10. Manski, Charles F, 1993. "Identification of Endogenous Social Effects: The Reflection Problem," Review of Economic Studies, Wiley Blackwell, vol. 60(3), pages 531-42, July.
    11. Charles T. Clotfelter & Helen F. Ladd & Jacob L. Vigdor, 2006. "Teacher-Student Matching and the Assessment of Teacher Effectiveness," Journal of Human Resources, University of Wisconsin Press, vol. 41(4).
    12. Jacob M. Markman & Eric A. Hanushek & John F. Kain & Steven G. Rivkin, 2003. "Does peer ability affect student achievement?," Journal of Applied Econometrics, John Wiley & Sons, Ltd., vol. 18(5), pages 527-544.
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    Cited by:
    1. Victor Lavy & Olmo Silva & Felix Weinhardt, 2009. "The Good, the Bad and the Average: Evidence on the Scale and Nature of Ability Peer Effects in Schools," NBER Working Papers 15600, National Bureau of Economic Research, Inc.
    2. Antecol, Heather & Eren, Ozkan & Ozbeklik, Serkan, 2013. "Peer Effects in Disadvantaged Primary Schools: Evidence from a Randomized Experiment," IZA Discussion Papers 7694, Institute for the Study of Labor (IZA).
    3. Duncan McVicar & Julie Moschion & Chris Ryan, 2013. "Right Peer, Right Now? Endogenous Peer Effects and Achievement in Victorian Primary Schools," Melbourne Institute Working Paper Series wp2013n22, Melbourne Institute of Applied Economic and Social Research, The University of Melbourne.
    4. Sandra E. Black & Paul J. Devereux & Kjell G. Salvanes, 2010. "Under Pressure? The Effect of Peers on Outcomes of Young Adults," Working Papers 201024, Geary Institute, University College Dublin.
    5. Susanne Link, 2013. "Institutional Determinants of Student Achievement - Microeconometric Evidence," ifo Beiträge zur Wirtschaftsforschung, Ifo Institute for Economic Research at the University of Munich, number 50, July.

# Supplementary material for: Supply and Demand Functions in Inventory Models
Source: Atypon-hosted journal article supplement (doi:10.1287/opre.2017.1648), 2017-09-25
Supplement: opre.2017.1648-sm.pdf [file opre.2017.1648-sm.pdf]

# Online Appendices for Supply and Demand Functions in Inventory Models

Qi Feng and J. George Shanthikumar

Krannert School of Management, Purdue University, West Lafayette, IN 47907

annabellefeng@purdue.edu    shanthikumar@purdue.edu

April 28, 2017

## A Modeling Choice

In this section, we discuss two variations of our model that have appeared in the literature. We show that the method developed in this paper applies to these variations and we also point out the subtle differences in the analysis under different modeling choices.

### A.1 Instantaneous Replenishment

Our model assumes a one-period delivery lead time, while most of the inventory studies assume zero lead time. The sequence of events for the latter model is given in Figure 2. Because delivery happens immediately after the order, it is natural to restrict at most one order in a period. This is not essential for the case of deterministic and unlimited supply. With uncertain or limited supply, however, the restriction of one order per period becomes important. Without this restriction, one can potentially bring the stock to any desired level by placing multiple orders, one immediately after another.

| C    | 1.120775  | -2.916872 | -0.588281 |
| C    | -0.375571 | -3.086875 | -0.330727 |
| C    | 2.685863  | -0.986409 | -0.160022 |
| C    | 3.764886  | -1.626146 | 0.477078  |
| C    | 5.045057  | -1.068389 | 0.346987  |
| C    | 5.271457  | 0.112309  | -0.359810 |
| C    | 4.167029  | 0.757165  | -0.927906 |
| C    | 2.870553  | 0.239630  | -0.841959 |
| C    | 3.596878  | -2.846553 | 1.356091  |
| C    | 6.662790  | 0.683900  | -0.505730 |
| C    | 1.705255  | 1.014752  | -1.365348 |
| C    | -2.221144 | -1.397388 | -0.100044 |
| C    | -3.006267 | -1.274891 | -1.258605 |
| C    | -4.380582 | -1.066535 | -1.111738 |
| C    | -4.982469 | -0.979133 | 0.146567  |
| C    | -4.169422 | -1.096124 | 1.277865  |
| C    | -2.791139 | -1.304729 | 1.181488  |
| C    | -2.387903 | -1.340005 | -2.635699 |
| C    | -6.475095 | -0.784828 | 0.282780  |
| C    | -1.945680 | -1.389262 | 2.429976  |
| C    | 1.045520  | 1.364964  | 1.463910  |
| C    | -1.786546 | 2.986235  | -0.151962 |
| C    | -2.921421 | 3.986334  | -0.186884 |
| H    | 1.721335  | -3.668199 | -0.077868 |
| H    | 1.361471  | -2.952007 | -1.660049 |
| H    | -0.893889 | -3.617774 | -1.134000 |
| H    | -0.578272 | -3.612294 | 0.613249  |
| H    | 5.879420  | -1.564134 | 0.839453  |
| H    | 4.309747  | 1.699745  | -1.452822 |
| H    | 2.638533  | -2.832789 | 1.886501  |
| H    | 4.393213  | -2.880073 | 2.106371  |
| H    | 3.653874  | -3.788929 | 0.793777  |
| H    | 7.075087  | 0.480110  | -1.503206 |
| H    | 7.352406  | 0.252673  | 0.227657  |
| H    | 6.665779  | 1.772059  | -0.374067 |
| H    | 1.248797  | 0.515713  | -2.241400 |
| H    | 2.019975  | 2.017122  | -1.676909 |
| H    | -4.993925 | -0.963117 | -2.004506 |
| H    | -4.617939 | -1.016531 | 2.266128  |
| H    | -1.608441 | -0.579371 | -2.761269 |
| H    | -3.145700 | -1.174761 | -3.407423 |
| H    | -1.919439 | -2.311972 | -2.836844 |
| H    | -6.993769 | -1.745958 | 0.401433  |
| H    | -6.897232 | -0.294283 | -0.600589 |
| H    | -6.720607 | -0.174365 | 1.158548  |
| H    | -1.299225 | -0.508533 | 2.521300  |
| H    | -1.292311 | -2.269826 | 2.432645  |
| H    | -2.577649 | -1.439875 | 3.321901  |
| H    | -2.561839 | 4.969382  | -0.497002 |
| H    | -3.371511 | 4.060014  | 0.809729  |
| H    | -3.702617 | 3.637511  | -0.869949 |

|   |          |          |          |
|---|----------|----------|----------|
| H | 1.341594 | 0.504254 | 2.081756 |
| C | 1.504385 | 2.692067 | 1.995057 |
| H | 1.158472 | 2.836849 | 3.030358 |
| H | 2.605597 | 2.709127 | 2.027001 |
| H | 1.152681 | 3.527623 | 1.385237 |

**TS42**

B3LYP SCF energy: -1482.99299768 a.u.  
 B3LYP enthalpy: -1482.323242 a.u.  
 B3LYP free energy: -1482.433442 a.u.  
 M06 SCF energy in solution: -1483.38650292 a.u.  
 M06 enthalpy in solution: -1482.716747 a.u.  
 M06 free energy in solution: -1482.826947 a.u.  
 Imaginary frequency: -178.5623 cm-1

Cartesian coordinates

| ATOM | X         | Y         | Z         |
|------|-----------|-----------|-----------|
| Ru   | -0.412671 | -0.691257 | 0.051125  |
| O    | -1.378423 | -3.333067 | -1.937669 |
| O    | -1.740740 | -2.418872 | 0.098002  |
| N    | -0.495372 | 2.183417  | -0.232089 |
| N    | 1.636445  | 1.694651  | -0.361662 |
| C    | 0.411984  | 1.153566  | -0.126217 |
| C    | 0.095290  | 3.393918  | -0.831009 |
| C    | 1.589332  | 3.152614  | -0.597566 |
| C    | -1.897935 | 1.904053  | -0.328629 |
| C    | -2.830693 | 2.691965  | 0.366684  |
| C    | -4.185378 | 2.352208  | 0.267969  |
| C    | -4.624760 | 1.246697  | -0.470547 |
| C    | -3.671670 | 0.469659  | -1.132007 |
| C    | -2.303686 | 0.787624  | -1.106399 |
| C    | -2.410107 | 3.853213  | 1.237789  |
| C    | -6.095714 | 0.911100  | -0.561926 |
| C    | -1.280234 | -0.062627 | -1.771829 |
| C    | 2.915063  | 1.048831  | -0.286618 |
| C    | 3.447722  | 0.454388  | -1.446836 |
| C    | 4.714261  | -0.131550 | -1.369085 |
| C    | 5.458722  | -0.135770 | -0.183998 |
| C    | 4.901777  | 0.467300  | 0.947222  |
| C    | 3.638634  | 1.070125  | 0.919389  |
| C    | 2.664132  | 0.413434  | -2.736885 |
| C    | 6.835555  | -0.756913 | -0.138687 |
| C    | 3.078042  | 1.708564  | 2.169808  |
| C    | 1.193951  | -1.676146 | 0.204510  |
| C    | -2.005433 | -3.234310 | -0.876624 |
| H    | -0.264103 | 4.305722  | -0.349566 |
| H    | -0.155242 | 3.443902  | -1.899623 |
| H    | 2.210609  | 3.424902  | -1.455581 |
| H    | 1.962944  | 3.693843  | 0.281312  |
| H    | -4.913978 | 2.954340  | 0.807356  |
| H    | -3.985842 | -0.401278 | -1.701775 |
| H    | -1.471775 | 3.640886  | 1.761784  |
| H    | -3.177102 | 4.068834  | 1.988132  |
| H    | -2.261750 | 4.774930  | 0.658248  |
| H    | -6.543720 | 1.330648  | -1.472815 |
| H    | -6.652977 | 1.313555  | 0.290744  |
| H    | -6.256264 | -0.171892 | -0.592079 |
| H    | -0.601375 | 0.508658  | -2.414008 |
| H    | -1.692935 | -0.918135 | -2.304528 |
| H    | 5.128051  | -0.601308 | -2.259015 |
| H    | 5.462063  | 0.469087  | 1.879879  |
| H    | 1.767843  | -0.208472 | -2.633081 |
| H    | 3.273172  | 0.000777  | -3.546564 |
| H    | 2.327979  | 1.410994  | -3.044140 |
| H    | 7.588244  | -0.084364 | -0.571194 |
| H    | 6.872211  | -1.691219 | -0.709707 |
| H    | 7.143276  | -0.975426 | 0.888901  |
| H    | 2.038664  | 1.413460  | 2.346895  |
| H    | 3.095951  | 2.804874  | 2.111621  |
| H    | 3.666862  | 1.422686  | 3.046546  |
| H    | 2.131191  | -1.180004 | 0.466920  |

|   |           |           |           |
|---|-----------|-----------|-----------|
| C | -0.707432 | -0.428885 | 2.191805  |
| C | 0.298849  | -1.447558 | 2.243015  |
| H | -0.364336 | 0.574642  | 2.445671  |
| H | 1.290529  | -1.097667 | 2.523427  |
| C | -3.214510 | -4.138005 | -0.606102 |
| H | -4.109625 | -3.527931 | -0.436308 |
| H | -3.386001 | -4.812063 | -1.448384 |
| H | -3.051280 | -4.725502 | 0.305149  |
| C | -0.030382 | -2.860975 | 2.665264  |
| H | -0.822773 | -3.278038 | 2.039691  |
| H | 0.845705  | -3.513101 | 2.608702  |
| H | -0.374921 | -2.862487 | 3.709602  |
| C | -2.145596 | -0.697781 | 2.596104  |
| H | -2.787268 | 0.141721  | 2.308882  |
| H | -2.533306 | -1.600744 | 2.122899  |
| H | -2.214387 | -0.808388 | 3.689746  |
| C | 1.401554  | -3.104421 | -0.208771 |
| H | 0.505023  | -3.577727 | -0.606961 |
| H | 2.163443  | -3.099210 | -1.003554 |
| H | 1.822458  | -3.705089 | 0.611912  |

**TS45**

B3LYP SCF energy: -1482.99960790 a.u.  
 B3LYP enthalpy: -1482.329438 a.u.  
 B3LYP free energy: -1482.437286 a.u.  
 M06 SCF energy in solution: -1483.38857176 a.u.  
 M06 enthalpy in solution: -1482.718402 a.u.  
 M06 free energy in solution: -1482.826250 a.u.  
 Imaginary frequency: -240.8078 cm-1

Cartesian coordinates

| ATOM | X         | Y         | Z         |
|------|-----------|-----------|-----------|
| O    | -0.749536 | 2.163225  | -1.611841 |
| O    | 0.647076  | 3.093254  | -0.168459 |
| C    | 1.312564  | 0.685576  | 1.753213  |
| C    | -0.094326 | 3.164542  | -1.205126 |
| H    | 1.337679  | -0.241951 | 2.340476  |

6. Ammermueller, Andreas, 2012. "Violence in European schools: A widespread phenomenon that matters for educational production," Labour Economics, Elsevier, vol. 19(6), pages 908-922.
    7. Vardardottir, Arna, 2013. "Peer effects and academic achievement: a regression discontinuity approach," Economics of Education Review, Elsevier, vol. 36(C), pages 108-121.
    8. Rønning, Marte, 2011. "Who benefits from homework assignments?," Economics of Education Review, Elsevier, vol. 30(1), pages 55-64, February.
    9. Onur Ozgur & Alberto Bisin, 2011. "Dynamic linear economies with social interactions," Levine's Working Paper Archive 786969000000000036, David K. Levine.
    10. Marco Tonello, 2011. "Mechanisms of peer interactions between native and non-native students: rejection or integration?," Working Papers 2011/21, Institut d'Economia de Barcelona (IEB).
    11. Lucifora, Claudio & Tonello, Marco, 2012. "Students' Cheating as a Social Interaction: Evidence from a Randomized Experiment in a National Evaluation Program," IZA Discussion Papers 6967, Institute for the Study of Labor (IZA).
    12. Gabor Kertesi & Gabor Kezdi, 2014. "On the test score gap between Roma and non-Roma students in Hungary and its potential causes," Budapest Working Papers on the Labour Market 1401, Institute of Economics, Centre for Economic and Regional Studies, Hungarian Academy of Sciences.